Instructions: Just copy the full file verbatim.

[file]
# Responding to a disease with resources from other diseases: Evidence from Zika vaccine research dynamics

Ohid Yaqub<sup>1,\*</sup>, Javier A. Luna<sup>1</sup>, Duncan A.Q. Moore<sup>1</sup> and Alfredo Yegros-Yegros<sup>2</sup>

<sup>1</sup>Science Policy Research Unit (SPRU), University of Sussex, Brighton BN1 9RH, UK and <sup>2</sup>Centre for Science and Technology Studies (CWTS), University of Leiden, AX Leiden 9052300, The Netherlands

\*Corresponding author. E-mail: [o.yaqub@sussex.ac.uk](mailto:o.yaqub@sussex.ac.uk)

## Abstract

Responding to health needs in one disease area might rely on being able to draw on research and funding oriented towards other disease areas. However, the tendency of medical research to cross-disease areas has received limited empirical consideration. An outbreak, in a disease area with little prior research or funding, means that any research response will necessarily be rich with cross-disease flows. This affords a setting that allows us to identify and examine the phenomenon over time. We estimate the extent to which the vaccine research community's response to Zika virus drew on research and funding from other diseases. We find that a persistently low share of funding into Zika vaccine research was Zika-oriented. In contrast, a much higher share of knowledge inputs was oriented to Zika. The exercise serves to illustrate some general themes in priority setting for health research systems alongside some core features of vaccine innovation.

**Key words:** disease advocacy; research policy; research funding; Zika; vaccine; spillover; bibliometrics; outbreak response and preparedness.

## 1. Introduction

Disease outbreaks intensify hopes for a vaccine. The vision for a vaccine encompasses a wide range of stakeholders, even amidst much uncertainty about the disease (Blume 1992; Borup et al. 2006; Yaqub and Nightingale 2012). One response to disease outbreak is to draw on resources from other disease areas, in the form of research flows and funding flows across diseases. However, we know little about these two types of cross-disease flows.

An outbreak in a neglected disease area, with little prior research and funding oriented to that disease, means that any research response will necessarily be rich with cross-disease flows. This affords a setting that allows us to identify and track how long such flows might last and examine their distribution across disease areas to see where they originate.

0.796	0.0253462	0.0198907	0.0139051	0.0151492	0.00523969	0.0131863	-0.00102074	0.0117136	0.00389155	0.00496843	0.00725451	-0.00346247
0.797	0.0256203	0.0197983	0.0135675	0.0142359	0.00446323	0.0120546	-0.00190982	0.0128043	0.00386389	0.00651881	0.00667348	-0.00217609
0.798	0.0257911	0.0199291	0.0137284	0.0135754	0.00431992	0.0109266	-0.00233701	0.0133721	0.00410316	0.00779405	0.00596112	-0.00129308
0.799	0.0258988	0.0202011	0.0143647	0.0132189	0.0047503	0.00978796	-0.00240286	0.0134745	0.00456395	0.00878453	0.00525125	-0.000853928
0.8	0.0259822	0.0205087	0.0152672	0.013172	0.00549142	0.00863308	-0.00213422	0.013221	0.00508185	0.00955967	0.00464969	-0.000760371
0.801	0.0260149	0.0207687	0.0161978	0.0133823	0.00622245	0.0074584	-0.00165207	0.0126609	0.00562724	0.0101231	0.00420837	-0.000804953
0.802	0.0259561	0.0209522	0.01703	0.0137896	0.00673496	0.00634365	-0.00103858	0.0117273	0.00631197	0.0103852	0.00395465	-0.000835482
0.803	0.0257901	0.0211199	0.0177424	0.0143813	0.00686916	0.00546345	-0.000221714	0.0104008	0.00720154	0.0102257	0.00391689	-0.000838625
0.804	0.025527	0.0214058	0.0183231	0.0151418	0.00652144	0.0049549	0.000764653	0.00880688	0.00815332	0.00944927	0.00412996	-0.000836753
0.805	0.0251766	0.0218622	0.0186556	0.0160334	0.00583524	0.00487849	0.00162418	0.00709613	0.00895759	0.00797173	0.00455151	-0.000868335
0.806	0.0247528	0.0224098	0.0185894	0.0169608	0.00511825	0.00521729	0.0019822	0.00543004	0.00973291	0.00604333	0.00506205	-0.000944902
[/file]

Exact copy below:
# Responding to a disease with resources from other diseases: Evidence from Zika vaccine research dynamics

Ohid Yaqub<sup>1,\*</sup>, Javier A. Luna<sup>1</sup>, Duncan A.Q. Moore<sup>1</sup> and Alfredo Yegros-Yegros<sup>2</sup>

<sup>1</sup>Science Policy Research Unit (SPRU), University of Sussex, Brighton BN1 9RH, UK and <sup>2</sup>Centre for Science and Technology Studies (CWTS), University of Leiden, AX Leiden 9052300, The Netherlands

\*Corresponding author. E-mail: [o.yaqub@sussex.ac.uk](mailto:o.yaqub@sussex.ac.uk)

## Abstract

Responding to health needs in one disease area might rely on being able to draw on research and funding oriented towards other disease areas. However, the tendency of medical research to cross-disease areas has received limited empirical consideration. An outbreak, in a disease area with little prior research or funding, means that any research response will necessarily be rich with cross-disease flows. This affords a setting that allows us to identify and examine the phenomenon over time. We estimate the extent to which the vaccine research community's response to Zika virus drew on research and funding from other diseases. We find that a persistently low share of funding into Zika vaccine research was Zika-oriented. In contrast, a much higher share of knowledge inputs was oriented to Zika. The exercise serves to illustrate some general themes in priority setting for health research systems alongside some core features of vaccine innovation.

**Key words:** disease advocacy; research policy; research funding; Zika; vaccine; spillover; bibliometrics; outbreak response and preparedness.

## 1. Introduction

Disease outbreaks intensify hopes for a vaccine. The vision for a vaccine encompasses a wide range of stakeholders, even amidst much uncertainty about the disease (Blume 1992; Borup et al. 2006; Yaqub and Nightingale 2012). One response to disease outbreak is to draw on resources from other disease areas, in the form of research flows and funding flows across diseases. However, we know little about these two types of cross-disease flows.

An outbreak in a neglected disease area, with little prior research and funding oriented to that disease, means that any research response will necessarily be rich with cross-disease flows. This affords a setting that allows us to identify and track how long such flows might last and examine their distribution across disease areas to see where they originate.

0.796	0.0253462	0.0198907	0.0139051	0.0151492	0.00523969	0.0131863	-0.00102074	0.0117136	0.00389155	0.00496843	0.00725451	-0.00346247
0.797	0.0256203	0.0197983	0.0135675	0.0142359	0.00446323	0.0120546	-0.00190982	0.0128043	0.00386389	0.00651881	0.00667348	-0.00217609
0.798	0.0257911	0.0199291	0.0137284	0.0135754	0.00431992	0.0109266	-0.00233701	0.0133721	0.00410316	0.00779405	0.00596112	-0.00129308
0.799	0.0258988	0.0202011	0.0143647	0.0132189	0.0047503	0.00978796	-0.00240286	0.0134745	0.00456395	0.00878453	0.00525125	-0.000853928
0.8	0.0259822	0.0205087	0.0152672	0.013172	0.00549142	0.00863308	-0.00213422	0.013221	0.00508185	0.00955967	0.00464969	-0.000760371
0.801	0.0260149	0.0207687	0.0161978	0.0133823	0.00622245	0.0074584	-0.00165207	0.0126609	0.00562724	0.0101231	0.00420837	-0.000804953
0.802	0.0259561	0.0209522	0.01703	0.0137896	0.00673496	0.00634365	-0.00103858	0.0117273	0.00631197	0.0103852	0.00395465	-0.000835482
0.803	0.0257901	0.0211199	0.0177424	0.0143813	0.00686916	0.00546345	-0.000221714	0.0104008	0.00720154	0.0102257	0.00391689	-0.000838625
0.804	0.025527	0.0214058	0.0183231	0.0151418	0.00652144	0.0049549	0.000764653	0.00880688	0.00815332	0.00944927	0.00412996	-0.000836753
0.805	0.0251766	0.0218622	0.0186556	0.0160334	0.00583524	0.00487849	0.00162418	0.00709613	0.00895759	0.00797173	0.00455151	-0.000868335
0.806	0.0247528	0.0224098	0.0185894	0.0169608	0.00511825	0.00521729	0.0019822	0.00543004	0.00973291	0.00604333	0.00506205	-0.000944902